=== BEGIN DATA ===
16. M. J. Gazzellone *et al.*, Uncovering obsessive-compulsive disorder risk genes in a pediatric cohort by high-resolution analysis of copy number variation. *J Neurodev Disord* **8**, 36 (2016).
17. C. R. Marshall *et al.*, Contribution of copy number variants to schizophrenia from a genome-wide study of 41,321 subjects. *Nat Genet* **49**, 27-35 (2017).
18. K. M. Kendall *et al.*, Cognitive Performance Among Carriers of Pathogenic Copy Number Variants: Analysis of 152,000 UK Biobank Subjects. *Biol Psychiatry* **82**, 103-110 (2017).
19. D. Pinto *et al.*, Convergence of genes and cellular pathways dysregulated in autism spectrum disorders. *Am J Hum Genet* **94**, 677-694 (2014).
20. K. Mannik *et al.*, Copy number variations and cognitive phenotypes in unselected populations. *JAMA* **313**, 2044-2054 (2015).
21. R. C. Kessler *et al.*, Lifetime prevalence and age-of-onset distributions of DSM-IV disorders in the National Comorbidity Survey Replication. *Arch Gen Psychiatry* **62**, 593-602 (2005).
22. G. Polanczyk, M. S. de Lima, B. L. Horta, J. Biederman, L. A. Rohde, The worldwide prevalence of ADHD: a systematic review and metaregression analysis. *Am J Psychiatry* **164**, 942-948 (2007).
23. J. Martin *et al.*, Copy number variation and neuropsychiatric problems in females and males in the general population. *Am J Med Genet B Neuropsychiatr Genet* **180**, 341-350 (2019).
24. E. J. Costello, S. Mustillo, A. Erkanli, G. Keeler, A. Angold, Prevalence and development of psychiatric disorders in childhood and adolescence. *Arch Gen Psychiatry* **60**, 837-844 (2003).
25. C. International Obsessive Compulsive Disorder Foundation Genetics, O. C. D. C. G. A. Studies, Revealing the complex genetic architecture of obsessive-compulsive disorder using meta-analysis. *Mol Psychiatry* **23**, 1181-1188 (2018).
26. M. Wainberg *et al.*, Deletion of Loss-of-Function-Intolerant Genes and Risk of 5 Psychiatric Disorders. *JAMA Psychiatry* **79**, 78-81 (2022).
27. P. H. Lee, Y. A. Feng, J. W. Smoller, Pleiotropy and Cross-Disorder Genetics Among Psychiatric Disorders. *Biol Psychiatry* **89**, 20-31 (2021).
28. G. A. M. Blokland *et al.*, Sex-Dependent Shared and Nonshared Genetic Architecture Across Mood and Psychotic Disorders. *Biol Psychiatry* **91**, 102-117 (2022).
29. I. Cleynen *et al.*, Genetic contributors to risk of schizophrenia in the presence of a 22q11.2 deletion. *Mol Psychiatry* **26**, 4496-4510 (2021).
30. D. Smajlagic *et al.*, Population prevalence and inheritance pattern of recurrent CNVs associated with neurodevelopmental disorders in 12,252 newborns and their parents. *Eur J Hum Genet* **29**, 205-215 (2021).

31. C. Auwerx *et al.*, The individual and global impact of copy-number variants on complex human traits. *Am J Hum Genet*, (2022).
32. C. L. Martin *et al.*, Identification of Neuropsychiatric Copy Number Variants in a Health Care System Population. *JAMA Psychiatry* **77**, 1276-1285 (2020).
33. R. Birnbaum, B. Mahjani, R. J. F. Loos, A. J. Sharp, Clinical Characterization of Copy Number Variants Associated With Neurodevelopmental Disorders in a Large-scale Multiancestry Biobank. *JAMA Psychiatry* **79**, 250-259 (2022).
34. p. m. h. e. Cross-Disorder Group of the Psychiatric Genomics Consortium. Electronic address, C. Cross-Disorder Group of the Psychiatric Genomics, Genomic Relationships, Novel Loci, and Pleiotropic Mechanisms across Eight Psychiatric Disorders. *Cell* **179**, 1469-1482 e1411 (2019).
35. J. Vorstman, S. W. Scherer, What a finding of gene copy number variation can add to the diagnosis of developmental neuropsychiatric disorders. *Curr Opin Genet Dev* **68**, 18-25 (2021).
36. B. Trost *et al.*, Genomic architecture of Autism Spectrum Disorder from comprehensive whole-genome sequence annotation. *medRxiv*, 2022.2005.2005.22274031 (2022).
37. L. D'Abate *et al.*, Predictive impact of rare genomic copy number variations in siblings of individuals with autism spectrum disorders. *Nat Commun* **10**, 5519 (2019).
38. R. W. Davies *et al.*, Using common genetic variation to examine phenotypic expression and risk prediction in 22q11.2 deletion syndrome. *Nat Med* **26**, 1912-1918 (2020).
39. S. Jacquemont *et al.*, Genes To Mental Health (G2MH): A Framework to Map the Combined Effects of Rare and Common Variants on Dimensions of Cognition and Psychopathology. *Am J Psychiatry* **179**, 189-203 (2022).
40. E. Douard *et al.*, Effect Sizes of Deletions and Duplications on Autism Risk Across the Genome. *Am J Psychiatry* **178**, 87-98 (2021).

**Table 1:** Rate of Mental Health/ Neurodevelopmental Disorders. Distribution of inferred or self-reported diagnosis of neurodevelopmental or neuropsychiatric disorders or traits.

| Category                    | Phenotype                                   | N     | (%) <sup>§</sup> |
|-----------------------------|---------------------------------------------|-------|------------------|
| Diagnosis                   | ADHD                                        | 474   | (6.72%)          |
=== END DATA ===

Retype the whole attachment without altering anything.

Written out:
16. M. J. Gazzellone *et al.*, Uncovering obsessive-compulsive disorder risk genes in a pediatric cohort by high-resolution analysis of copy number variation. *J Neurodev Disord* **8**, 36 (2016).
17. C. R. Marshall *et al.*, Contribution of copy number variants to schizophrenia from a genome-wide study of 41,321 subjects. *Nat Genet* **49**, 27-35 (2017).
18. K. M. Kendall *et al.*, Cognitive Performance Among Carriers of Pathogenic Copy Number Variants: Analysis of 152,000 UK Biobank Subjects. *Biol Psychiatry* **82**, 103-110 (2017).
19. D. Pinto *et al.*, Convergence of genes and cellular pathways dysregulated in autism spectrum disorders. *Am J Hum Genet* **94**, 677-694 (2014).
20. K. Mannik *et al.*, Copy number variations and cognitive phenotypes in unselected populations. *JAMA* **313**, 2044-2054 (2015).
21. R. C. Kessler *et al.*, Lifetime prevalence and age-of-onset distributions of DSM-IV disorders in the National Comorbidity Survey Replication. *Arch Gen Psychiatry* **62**, 593-602 (2005).
22. G. Polanczyk, M. S. de Lima, B. L. Horta, J. Biederman, L. A. Rohde, The worldwide prevalence of ADHD: a systematic review and metaregression analysis. *Am J Psychiatry* **164**, 942-948 (2007).
23. J. Martin *et al.*, Copy number variation and neuropsychiatric problems in females and males in the general population. *Am J Med Genet B Neuropsychiatr Genet* **180**, 341-350 (2019).
24. E. J. Costello, S. Mustillo, A. Erkanli, G. Keeler, A. Angold, Prevalence and development of psychiatric disorders in childhood and adolescence. *Arch Gen Psychiatry* **60**, 837-844 (2003).
25. C. International Obsessive Compulsive Disorder Foundation Genetics, O. C. D. C. G. A. Studies, Revealing the complex genetic architecture of obsessive-compulsive disorder using meta-analysis. *Mol Psychiatry* **23**, 1181-1188 (2018).
26. M. Wainberg *et al.*, Deletion of Loss-of-Function-Intolerant Genes and Risk of 5 Psychiatric Disorders. *JAMA Psychiatry* **79**, 78-81 (2022).
27. P. H. Lee, Y. A. Feng, J. W. Smoller, Pleiotropy and Cross-Disorder Genetics Among Psychiatric Disorders. *Biol Psychiatry* **89**, 20-31 (2021).
28. G. A. M. Blokland *et al.*, Sex-Dependent Shared and Nonshared Genetic Architecture Across Mood and Psychotic Disorders. *Biol Psychiatry* **91**, 102-117 (2022).
29. I. Cleynen *et al.*, Genetic contributors to risk of schizophrenia in the presence of a 22q11.2 deletion. *Mol Psychiatry* **26**, 4496-4510 (2021).
30. D. Smajlagic *et al.*, Population prevalence and inheritance pattern of recurrent CNVs associated with neurodevelopmental disorders in 12,252 newborns and their parents. *Eur J Hum Genet* **29**, 205-215 (2021).

31. C. Auwerx *et al.*, The individual and global impact of copy-number variants on complex human traits. *Am J Hum Genet*, (2022).
32. C. L. Martin *et al.*, Identification of Neuropsychiatric Copy Number Variants in a Health Care System Population. *JAMA Psychiatry* **77**, 1276-1285 (2020).
33. R. Birnbaum, B. Mahjani, R. J. F. Loos, A. J. Sharp, Clinical Characterization of Copy Number Variants Associated With Neurodevelopmental Disorders in a Large-scale Multiancestry Biobank. *JAMA Psychiatry* **79**, 250-259 (2022).
34. p. m. h. e. Cross-Disorder Group of the Psychiatric Genomics Consortium. Electronic address, C. Cross-Disorder Group of the Psychiatric Genomics, Genomic Relationships, Novel Loci, and Pleiotropic Mechanisms across Eight Psychiatric Disorders. *Cell* **179**, 1469-1482 e1411 (2019).
35. J. Vorstman, S. W. Scherer, What a finding of gene copy number variation can add to the diagnosis of developmental neuropsychiatric disorders. *Curr Opin Genet Dev* **68**, 18-25 (2021).
36. B. Trost *et al.*, Genomic architecture of Autism Spectrum Disorder from comprehensive whole-genome sequence annotation. *medRxiv*, 2022.2005.2005.22274031 (2022).
37. L. D'Abate *et al.*, Predictive impact of rare genomic copy number variations in siblings of individuals with autism spectrum disorders. *Nat Commun* **10**, 5519 (2019).
38. R. W. Davies *et al.*, Using common genetic variation to examine phenotypic expression and risk prediction in 22q11.2 deletion syndrome. *Nat Med* **26**, 1912-1918 (2020).
39. S. Jacquemont *et al.*, Genes To Mental Health (G2MH): A Framework to Map the Combined Effects of Rare and Common Variants on Dimensions of Cognition and Psychopathology. *Am J Psychiatry* **179**, 189-203 (2022).
40. E. Douard *et al.*, Effect Sizes of Deletions and Duplications on Autism Risk Across the Genome. *Am J Psychiatry* **178**, 87-98 (2021).

**Table 1:** Rate of Mental Health/ Neurodevelopmental Disorders. Distribution of inferred or self-reported diagnosis of neurodevelopmental or neuropsychiatric disorders or traits.

| Category                    | Phenotype                                   | N     | (%) <sup>§</sup> |
|-----------------------------|---------------------------------------------|-------|------------------|
| Diagnosis                   | ADHD                                        | 474   | (6.72%)          |